Divorcing When a Business is Involved
Dissolving a marriage is complicated enough without the additional anxiety associated with valuing a business for the purpose of equitable distribution. The attorneys at Bikel & Schanfield can help.
The essential challenge in valuing a business is determining the answers to three questions:
- What is the fair market value of the business?
- What date should be used to determine fair market value?
- Is the business marital property, separate property, or partially marital and partially separate property?
Answering these questions can be challenging, regardless of whether your business or the business of your spouse is a corporation, partnership, sole proprietorship, or limited liability company.
Determining the business’s value in a cost-effective manner is an essential step to take when engaging in divorce negotiations or legal proceedings.
What Are the Basics of Valuing Businesses in Divorce Proceedings?
The first step in the valuation process is to determine whether the business itself is a marital asset or separate property.
The two questions to ask are:
- Was the business started or established during marriage?
- If the answer to the first question is no, did the value of the business increase during the course of the marriage as the result of the efforts of the owner-spouse?
If either of those questions is answered in the affirmative, then any interest in the business is a marital asset subject to equitable distribution.
Exactly how that asset will be valued - the valuation method - is a multi-layered process with which the attorneys at Bikel & Schanfield can assist. We have decades of experience unwinding difficult business valuation questions and giving our clients the clarity they need to be fully informed when entering into a divorce agreement or successfully navigating the legal system in any divorce proceeding.
What Valuation Method Will Be Used?
Valuing a business involves analyzing invested capital values, obtaining cash flow information, looking to liquid cash, and identifying total assets held.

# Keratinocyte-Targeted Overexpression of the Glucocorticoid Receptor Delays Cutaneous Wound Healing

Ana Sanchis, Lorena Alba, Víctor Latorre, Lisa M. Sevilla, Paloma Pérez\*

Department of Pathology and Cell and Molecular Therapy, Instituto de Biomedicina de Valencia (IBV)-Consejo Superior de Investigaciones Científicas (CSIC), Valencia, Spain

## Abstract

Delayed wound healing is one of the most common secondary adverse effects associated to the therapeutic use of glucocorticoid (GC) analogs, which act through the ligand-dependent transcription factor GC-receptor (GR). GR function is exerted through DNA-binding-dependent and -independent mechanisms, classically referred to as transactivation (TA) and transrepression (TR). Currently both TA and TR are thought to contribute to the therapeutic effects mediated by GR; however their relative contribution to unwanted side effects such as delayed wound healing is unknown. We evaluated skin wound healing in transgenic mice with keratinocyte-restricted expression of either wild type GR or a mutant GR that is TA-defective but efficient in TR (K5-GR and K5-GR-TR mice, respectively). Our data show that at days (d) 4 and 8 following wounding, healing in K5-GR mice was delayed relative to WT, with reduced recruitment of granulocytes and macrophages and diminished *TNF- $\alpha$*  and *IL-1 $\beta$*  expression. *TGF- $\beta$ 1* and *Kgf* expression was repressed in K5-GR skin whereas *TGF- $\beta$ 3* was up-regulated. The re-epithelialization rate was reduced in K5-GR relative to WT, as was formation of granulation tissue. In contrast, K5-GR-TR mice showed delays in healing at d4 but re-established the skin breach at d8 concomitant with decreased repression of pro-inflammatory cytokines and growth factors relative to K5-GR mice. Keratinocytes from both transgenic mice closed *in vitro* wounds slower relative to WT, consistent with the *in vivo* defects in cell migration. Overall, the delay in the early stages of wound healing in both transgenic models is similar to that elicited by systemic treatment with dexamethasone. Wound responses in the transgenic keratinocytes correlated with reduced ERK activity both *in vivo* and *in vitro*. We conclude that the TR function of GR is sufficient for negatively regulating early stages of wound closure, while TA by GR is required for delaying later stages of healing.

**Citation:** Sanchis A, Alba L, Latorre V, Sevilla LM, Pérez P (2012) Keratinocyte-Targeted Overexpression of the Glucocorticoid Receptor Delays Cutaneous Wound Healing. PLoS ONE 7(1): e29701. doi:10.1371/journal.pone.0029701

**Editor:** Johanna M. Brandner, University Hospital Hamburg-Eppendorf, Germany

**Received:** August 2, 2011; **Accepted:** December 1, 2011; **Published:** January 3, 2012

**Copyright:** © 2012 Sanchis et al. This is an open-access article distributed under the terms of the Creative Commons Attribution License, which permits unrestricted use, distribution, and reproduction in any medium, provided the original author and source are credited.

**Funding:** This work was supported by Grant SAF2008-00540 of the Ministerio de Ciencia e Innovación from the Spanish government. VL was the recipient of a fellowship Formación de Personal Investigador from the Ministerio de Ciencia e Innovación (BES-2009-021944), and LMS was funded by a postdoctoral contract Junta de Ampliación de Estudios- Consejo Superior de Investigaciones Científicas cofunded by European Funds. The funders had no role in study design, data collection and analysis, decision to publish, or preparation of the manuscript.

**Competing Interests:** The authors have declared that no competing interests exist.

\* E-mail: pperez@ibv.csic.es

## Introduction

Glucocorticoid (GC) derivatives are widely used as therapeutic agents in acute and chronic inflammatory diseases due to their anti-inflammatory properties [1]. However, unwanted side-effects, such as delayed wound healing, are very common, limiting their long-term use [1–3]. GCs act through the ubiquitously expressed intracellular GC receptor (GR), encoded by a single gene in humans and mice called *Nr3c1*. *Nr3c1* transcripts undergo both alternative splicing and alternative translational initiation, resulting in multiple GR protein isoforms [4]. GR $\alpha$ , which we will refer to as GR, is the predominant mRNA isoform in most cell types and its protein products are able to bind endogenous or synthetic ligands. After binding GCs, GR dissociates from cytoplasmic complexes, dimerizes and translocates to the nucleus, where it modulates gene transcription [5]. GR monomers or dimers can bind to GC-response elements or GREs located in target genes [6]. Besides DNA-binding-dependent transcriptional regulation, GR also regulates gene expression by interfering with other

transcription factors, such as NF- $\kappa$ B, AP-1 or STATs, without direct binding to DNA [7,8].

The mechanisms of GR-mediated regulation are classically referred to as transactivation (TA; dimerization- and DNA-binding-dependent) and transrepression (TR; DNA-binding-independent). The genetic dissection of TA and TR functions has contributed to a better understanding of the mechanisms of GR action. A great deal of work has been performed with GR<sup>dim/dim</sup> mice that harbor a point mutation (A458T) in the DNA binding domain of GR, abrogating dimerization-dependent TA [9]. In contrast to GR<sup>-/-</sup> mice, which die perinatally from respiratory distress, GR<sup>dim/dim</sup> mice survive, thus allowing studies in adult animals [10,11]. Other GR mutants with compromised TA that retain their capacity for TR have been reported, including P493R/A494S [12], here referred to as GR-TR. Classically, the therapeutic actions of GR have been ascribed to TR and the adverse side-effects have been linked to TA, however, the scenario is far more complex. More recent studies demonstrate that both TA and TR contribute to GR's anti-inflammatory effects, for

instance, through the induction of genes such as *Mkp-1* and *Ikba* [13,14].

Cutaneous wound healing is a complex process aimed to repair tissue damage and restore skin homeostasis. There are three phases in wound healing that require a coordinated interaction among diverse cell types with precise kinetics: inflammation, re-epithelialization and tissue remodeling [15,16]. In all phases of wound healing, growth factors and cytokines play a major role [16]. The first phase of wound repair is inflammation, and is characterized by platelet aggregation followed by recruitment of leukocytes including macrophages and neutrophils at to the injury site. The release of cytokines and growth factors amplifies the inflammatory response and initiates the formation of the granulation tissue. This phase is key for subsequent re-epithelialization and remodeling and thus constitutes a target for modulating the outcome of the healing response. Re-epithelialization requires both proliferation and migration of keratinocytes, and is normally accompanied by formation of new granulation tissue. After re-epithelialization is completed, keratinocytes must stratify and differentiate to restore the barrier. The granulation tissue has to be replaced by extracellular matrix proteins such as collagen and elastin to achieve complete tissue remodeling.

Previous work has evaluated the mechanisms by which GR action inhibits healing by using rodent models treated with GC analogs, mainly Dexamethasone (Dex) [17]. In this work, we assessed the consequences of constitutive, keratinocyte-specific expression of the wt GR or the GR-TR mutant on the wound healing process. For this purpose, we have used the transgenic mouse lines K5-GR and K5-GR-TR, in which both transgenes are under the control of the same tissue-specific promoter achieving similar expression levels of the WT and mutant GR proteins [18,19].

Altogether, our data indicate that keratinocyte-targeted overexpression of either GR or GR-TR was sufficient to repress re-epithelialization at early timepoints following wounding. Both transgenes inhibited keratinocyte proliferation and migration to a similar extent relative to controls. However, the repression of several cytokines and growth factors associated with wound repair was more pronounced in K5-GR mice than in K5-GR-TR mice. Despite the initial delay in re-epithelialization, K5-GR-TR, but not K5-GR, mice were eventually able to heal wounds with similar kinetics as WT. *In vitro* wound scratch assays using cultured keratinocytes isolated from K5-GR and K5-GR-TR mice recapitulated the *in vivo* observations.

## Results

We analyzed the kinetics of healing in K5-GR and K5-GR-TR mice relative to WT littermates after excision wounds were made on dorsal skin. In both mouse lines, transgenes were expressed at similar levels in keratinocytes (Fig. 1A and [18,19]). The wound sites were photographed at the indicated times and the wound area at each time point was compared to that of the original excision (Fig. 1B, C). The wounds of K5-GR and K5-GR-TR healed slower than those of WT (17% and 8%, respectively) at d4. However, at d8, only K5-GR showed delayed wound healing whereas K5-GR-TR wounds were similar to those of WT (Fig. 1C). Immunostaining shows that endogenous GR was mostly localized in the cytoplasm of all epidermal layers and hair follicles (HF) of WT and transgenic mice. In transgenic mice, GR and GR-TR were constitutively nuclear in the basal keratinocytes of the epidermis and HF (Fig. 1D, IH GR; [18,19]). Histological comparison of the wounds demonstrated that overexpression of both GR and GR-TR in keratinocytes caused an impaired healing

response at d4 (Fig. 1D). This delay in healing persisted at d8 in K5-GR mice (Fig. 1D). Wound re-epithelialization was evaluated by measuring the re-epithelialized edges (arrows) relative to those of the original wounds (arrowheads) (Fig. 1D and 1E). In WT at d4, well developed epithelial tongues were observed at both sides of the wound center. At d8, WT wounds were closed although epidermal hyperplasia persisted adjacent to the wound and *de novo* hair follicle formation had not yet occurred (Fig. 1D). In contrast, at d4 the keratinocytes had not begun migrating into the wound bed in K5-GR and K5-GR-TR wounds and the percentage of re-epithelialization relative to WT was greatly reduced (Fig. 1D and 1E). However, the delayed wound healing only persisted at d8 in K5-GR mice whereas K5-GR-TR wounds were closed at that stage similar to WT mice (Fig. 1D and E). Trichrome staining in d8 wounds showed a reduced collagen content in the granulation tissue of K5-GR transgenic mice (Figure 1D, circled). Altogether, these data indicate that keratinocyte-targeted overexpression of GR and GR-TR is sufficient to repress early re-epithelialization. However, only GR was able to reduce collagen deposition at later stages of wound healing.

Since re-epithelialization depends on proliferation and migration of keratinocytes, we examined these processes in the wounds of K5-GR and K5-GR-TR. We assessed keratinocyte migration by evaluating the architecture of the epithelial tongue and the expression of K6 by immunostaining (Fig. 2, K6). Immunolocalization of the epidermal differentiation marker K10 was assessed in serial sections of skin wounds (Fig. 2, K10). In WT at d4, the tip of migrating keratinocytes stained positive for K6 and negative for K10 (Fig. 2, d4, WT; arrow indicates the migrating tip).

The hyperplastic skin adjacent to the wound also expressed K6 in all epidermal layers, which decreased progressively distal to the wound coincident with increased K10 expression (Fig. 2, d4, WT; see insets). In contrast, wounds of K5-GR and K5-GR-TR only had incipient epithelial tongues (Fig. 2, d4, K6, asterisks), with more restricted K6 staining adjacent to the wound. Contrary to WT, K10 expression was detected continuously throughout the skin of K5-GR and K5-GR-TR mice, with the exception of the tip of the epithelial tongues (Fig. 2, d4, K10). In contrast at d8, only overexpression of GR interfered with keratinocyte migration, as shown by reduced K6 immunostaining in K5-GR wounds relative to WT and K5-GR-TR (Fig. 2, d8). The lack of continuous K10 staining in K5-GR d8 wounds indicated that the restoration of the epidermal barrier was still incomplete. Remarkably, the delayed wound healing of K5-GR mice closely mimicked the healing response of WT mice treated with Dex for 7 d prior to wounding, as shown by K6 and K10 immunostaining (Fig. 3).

These analyses can take significant informational input and cooperation, and require sometimes-difficult forensic research to determine a reliable and supportable valuation.
In conflictive cases, courts will likely order an appraisal of the business, and that appraisal will attempt to determine the business’s fair market value using a range of techniques.
One approach - the income approach - used by valuation experts, looks to the future potential income stream of the business being valued and uses the net present value of that amount to determine the current value. This will involve a range of complicated formulas and historical data to determine normalized cash flow.
Another prominent approach is the market-based determination that looks to comparable businesses that have sold recently and takes lessons from those businesses to value the business at issue in the divorce.
A third valuation method looks to the hard numbers of the business at issue and values the entity by determining the balance of basic assets and liabilities.
In the latter valuation approach, assets considered will include both the tangible (current inventory, real estate, the capital infrastructure supporting the business) and intangible (business accounts, copyrights or patents, loans).
How Complicated Can Valuing a Business in a New York Divorce Become?
The short answer is: Very.
Not all business valuations are marred with ultra-complex questions or intractable disagreements, but businesses obviously range in size and complexity.
When assisting clients with business valuation questions in anticipation of a divorce settlement or litigation, we identify the necessary information to make a sound valuation, and make the preparations that will no doubt factor into the ultimate valuation assessment.
We can also help understand when to expect or assert a challenge to a valuation approach. Sometimes, we seek the advice and assistance of experts - like certified public accountants, accredited senior appraisers, or certified business appraisers – who can be especially helpful in the context of a significantly larger or more complicated business.
Our matrimonial law business attorneys know when to seek additional assistance and can help speed you through an otherwise protracted process.
If a business valuation is a less complicated matter, the parties can sometimes cooperatively agree on values for the business. The divorce attorneys at Bikel & Schanfield can assist you in a range of potential business valuation-related circumstances, and we will help you obtain the best possible solution.
Divorce and Business Valuation Lawyers Can Demystify the Process and Make Sure You are Fully Informed and Prepared
We have considerable experience in the field of divorcing clients with business valuation questions ranging from straightforward issues to complex valuations.
If your financial assets are at stake in your divorce proceeding, and the business interests of one or both spouses play a role, then you should obtain the counsel of experienced and competent divorce attorneys. We hope you will consult with the business valuation team at Bikel & Schanfield, New York matrimonial and divorce attorneys.